Einstein calls it insanity: doing the same thing over and over again and expecting different results. And I completely agree, but then I thought, what about practise and training? – Where repetition is key in the development process. I allocate a certain portion of my life to practice, for example this blog is my practice of writing and critical thinking, I practice handstands against a wall every other day, I ‘practice’ at the gym, practising conditioning exercises to get my body more efficient, and I practise singing to train my voice. In all theses practices I do the same thing over and over again, and there is a calm beauty in the repetition. They say that you can achieve inner peace when you repeat mantras or chants in meditation, and sometimes these rituals help you gain that stillness in a busy, loud, city life.
However, perhaps we should introduce change to repetition, which is the thought that I am currently chewing on. If you practise and practise, and eventually learn something, that’s great. But if you practise and practise and nothing changes, maybe you should add structure to the practise. I have now been able to hold a handstand against the wall quite comfortably for half a minute, but still can’t get over the fear of throwing my legs up vertical (I currently walk up the wall), or taking my balancing leg off the wall. So I need to change the practise – I am going to start forcing myself to throw my legs up from today. Walking up the wall will strengthen my arms so I can still do that on the days that I feel to weak to wrestle with my mind, but that won’t do anything to break the fear in my mind, and to get the strength to spring my body weight over my shoulders. So I need to introduce change…
I also try to train my brain now and then, through an app called Lumosity, that challenges you to beat your personal best at mental games, that claims to improve your mental performance on things like problem solving, mental agility and quick mathematics. I honestly believe that if you don’t keep these exercises up, you start to lose your access to the information and ability that your brain currently has. Which is something that frightens me, because I want to learn more, and add to the collection of things in my head, but if there’s a leak, then I will be losing info as quick or quicker than gaining info.
A potentially contentious subject is training relationships. Can you or should you train people, as you train dogs and pets (not including professional training of course)? I don’t think you should, but I do think we all do it on some level without even thinking about it. For example, it could just be a natural way of settling into a relationship, you let the other person know the things you like and the behaviours you may not like so much, and you compromise. That isn’t ‘training’ necessarily, but it shares a similar mechanism, reward for good, and ‘punishment’ for bad, and it’s a natural way to learn to live harmoniously with someone. But there are some people that try and train you actively. I was once in a relationship where my partner said he’d identified some behavioural and personality issues in me, and he was going to train me out of them. I remember having a strange moment of clarity, when he was kneeling next to me with a glass of water over my head saying ‘I will pour this water over you unless you can tell me honestly right now whether you love me or not’. Just typing this out now, even though it was over five years ago, makes me feel really uncomfortable. I can see what he was doing, he was trying to snap me out of being in a mood with him, by making me able to admit loving feelings even in the toughest of times. BUT – threatening to pour water on a grown up woman doesn’t inspire the most loving of feelings. His response: if you act like a child, you get treated like a child. What I’ve learnt: if you respect someone and know them through and through, then you know that if they’re acting like a child, then something has caused this anomalous reaction, and that is the root of the problem, not that the person has a behavioural disorder. It’s all down to respect and being mindful.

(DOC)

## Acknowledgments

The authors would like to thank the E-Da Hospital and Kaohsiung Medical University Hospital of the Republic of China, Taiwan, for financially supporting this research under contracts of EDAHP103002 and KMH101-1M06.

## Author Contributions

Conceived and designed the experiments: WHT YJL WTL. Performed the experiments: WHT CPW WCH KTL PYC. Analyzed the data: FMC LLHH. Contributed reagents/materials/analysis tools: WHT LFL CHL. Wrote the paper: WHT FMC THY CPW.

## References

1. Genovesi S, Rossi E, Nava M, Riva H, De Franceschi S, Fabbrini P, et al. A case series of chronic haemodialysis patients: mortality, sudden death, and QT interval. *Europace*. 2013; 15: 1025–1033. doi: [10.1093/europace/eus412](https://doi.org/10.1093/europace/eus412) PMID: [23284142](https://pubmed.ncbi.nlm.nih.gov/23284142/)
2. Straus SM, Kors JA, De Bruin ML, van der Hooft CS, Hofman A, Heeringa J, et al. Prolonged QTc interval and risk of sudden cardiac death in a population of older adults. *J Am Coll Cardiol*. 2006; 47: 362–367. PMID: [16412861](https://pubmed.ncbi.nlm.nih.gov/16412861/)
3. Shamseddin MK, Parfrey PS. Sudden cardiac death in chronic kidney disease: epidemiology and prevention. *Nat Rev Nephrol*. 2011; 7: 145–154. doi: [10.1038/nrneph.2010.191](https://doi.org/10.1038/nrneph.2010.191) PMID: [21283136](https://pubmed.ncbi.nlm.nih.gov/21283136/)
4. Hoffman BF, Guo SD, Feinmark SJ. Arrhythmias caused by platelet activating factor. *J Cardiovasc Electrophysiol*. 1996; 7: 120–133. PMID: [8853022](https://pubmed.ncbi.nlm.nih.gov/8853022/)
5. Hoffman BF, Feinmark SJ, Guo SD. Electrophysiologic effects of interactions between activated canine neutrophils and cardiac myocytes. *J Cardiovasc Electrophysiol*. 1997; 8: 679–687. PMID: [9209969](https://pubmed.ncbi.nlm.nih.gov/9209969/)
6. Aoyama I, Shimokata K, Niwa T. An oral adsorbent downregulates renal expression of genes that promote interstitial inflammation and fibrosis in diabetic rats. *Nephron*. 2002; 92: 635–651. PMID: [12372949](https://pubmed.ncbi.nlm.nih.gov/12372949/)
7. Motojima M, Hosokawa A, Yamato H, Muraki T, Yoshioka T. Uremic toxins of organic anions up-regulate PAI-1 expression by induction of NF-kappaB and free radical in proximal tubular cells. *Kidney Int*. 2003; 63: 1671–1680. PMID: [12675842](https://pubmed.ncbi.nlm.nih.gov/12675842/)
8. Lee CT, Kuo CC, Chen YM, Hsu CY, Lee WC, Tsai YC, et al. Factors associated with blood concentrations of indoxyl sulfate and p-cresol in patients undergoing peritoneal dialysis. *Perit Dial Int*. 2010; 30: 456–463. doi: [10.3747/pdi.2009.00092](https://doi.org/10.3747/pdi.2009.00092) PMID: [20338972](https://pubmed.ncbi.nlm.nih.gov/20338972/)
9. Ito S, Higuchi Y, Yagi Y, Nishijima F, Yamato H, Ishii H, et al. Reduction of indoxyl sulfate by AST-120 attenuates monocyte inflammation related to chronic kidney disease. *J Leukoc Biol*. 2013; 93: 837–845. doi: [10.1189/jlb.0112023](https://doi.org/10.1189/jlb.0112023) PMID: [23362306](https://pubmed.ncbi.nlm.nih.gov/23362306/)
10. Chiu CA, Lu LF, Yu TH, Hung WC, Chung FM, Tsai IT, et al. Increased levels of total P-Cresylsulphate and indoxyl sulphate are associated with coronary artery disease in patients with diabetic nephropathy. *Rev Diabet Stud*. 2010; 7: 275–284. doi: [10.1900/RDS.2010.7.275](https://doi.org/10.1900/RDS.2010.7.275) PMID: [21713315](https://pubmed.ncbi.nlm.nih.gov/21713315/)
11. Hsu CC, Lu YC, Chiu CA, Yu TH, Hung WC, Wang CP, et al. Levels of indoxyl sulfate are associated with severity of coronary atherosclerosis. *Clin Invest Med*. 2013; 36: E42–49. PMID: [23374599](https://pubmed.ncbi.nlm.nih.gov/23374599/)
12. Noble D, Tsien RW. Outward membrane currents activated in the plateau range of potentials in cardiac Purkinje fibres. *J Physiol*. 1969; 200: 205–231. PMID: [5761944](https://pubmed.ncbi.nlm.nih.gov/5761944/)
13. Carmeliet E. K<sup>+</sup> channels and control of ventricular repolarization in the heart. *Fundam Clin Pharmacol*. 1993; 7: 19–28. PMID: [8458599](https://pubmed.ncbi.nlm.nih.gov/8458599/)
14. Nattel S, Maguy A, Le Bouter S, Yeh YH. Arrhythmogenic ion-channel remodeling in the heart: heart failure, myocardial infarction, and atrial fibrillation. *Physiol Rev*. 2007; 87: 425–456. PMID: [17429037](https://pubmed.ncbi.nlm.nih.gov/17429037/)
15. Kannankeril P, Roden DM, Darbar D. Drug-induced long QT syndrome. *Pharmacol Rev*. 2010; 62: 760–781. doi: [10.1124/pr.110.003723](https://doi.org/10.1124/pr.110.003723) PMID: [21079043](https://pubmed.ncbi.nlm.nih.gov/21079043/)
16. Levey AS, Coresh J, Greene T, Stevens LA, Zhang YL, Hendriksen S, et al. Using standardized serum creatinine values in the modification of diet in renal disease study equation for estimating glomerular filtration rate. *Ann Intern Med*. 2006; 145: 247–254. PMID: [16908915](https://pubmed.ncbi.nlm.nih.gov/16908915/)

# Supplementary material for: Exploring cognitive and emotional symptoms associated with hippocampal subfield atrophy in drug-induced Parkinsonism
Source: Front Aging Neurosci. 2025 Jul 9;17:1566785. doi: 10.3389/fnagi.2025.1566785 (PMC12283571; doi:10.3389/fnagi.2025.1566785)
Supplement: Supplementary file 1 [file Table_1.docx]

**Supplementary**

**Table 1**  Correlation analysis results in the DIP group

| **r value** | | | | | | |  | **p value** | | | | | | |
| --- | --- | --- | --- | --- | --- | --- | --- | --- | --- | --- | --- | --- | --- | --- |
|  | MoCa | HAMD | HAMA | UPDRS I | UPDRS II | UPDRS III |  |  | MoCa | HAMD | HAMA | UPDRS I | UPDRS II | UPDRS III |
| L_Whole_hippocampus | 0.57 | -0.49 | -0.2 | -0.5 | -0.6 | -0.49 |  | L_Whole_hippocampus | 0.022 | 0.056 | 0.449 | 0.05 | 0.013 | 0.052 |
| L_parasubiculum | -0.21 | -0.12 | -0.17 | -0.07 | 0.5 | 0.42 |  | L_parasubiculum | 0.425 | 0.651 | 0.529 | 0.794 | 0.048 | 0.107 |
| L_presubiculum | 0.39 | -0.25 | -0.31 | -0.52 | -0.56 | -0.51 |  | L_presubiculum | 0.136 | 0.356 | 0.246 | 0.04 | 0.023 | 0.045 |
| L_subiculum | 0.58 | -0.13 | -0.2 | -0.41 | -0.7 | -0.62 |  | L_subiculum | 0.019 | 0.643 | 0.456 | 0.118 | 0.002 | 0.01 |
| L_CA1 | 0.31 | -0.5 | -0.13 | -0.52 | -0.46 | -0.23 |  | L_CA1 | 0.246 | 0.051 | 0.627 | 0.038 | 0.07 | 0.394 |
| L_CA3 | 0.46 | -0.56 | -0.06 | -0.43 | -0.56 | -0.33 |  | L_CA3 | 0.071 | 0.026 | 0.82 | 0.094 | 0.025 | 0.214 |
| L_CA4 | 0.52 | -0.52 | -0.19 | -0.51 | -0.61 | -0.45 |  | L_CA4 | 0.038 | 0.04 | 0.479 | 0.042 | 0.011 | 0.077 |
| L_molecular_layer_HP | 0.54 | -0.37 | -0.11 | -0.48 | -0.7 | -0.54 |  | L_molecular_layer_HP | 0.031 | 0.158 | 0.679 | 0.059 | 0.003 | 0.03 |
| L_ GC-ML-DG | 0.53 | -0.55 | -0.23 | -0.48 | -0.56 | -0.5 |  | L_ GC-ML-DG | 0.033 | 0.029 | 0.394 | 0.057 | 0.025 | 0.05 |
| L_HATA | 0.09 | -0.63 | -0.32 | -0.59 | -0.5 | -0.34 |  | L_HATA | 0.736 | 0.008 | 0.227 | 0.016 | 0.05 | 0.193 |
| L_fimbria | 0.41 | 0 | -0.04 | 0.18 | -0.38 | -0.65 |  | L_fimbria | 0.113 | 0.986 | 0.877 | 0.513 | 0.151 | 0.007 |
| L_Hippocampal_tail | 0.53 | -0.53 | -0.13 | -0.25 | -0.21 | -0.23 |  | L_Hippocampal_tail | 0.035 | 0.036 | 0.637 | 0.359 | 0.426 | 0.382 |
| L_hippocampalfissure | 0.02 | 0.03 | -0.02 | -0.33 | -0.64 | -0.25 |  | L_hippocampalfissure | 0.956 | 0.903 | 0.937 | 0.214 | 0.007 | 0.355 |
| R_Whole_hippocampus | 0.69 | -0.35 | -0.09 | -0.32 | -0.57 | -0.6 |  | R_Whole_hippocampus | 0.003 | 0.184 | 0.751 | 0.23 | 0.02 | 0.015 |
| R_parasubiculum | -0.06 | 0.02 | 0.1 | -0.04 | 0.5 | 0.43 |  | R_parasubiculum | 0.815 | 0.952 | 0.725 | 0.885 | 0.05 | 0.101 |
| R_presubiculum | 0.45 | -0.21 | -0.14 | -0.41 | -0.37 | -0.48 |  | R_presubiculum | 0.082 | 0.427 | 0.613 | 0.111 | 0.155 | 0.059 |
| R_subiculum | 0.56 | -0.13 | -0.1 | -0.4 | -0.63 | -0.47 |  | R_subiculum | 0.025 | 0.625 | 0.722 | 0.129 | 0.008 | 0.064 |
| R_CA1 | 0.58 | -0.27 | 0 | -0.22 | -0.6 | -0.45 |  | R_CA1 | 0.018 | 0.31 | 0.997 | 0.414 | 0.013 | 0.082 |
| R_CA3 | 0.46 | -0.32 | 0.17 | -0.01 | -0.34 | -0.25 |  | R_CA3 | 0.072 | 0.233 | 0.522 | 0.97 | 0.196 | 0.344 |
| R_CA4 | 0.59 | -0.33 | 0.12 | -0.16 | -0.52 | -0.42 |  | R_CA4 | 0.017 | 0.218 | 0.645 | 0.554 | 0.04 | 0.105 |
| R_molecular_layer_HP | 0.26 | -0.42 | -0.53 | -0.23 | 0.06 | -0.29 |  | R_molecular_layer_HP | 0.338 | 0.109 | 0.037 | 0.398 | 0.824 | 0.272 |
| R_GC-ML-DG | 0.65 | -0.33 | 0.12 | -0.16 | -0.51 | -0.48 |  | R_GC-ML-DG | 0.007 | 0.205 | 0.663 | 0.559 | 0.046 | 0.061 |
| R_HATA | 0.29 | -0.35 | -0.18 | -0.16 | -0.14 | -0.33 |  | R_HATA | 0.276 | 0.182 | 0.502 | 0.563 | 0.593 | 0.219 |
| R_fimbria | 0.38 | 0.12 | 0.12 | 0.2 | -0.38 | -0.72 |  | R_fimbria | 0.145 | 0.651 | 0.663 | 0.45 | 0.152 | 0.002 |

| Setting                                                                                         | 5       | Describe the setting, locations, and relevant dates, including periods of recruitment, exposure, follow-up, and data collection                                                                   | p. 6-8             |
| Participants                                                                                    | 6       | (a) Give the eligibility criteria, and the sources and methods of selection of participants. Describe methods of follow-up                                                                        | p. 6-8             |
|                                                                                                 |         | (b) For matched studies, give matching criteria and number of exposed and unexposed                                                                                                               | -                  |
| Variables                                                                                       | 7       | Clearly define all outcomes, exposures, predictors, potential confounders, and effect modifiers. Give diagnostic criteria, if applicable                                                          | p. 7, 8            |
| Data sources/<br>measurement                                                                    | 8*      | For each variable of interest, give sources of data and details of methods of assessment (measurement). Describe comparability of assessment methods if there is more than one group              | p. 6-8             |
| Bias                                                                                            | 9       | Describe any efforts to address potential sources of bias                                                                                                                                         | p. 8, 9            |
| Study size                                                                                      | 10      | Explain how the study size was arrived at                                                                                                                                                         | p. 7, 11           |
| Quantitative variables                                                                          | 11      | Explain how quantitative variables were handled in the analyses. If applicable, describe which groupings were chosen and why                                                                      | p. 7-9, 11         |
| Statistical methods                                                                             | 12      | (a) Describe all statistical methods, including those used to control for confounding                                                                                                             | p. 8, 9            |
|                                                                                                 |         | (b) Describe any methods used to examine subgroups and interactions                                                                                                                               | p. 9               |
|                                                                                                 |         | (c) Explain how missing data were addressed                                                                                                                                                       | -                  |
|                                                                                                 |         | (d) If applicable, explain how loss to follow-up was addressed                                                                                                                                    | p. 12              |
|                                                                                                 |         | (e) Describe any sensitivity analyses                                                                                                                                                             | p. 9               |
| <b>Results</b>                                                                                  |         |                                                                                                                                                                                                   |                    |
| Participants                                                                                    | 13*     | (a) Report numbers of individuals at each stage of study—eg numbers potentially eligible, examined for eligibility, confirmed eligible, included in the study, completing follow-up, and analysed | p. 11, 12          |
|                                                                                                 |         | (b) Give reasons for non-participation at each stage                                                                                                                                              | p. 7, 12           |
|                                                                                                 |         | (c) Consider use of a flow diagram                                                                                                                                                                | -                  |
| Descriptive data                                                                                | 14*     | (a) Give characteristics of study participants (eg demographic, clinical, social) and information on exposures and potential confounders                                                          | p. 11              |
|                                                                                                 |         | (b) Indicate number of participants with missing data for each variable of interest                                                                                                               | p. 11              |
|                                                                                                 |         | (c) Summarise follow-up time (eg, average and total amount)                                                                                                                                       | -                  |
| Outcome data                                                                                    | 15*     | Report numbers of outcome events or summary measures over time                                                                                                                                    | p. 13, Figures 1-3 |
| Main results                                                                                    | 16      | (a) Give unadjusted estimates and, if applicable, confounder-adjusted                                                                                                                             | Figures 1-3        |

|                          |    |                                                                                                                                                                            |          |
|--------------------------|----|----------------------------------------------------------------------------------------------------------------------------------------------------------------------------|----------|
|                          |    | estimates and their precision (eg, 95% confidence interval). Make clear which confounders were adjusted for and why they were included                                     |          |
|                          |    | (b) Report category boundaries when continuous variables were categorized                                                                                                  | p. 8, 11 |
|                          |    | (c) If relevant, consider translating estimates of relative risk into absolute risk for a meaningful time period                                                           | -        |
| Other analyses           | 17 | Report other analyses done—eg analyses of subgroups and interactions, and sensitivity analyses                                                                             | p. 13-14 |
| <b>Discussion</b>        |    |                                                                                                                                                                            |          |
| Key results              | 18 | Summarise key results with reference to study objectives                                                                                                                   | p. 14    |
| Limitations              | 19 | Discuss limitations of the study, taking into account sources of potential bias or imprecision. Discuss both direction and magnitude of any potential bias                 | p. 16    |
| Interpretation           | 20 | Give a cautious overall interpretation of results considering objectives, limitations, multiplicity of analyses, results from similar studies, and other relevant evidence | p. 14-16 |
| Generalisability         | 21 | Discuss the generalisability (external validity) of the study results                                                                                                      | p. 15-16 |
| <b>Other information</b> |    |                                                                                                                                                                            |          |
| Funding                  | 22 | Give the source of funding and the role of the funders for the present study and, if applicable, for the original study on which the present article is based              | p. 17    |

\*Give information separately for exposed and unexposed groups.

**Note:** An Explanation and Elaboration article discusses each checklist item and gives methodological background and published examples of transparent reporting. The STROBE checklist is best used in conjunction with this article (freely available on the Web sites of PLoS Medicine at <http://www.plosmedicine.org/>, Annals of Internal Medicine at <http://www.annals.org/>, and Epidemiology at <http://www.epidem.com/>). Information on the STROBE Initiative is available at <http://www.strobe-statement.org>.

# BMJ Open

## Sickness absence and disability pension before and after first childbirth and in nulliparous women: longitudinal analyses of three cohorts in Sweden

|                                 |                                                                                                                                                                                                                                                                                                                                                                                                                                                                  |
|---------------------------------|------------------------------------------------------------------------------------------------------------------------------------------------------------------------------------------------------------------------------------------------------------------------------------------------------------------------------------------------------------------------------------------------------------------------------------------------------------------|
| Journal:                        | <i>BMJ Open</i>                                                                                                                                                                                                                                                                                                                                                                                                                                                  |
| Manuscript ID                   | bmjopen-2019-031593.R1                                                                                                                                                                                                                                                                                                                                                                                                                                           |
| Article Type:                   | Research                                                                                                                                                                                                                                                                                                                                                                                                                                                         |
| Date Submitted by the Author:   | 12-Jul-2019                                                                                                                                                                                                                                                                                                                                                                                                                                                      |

That was a bit of a hefty aside, so to get back on track, we were talking about training, repetition and practise. And to finish today’s post off, I wanted to mention training the eye and the creative brain. To be an artist you really do have to instil practise into your daily life, you’re always composing and thinking up stories in your mind as a writer, or taking delicious sentences or phrases you’ve heard and keeping them tucked away so you can whip them out at a ripe moment. Or framing the world in your mind’s eye, sketching, doodling and daydreaming. But structured practise is also necessary, practise that has an aim, and has an end point. Focussing your energy and dedicating your time to create things and to move your art forward – there lies the real challenge.
Here’s an example of someone who has done exactly that, daily and structured practise: Zyzanna’s Blog – she puts me to shame, and I really should be making or creating more.
So, I will start throwing my legs up against a wall, and I need to shake the dust off my tablet and bring out my pens again. Watch this space… and if you see nothing, please give me a hard time!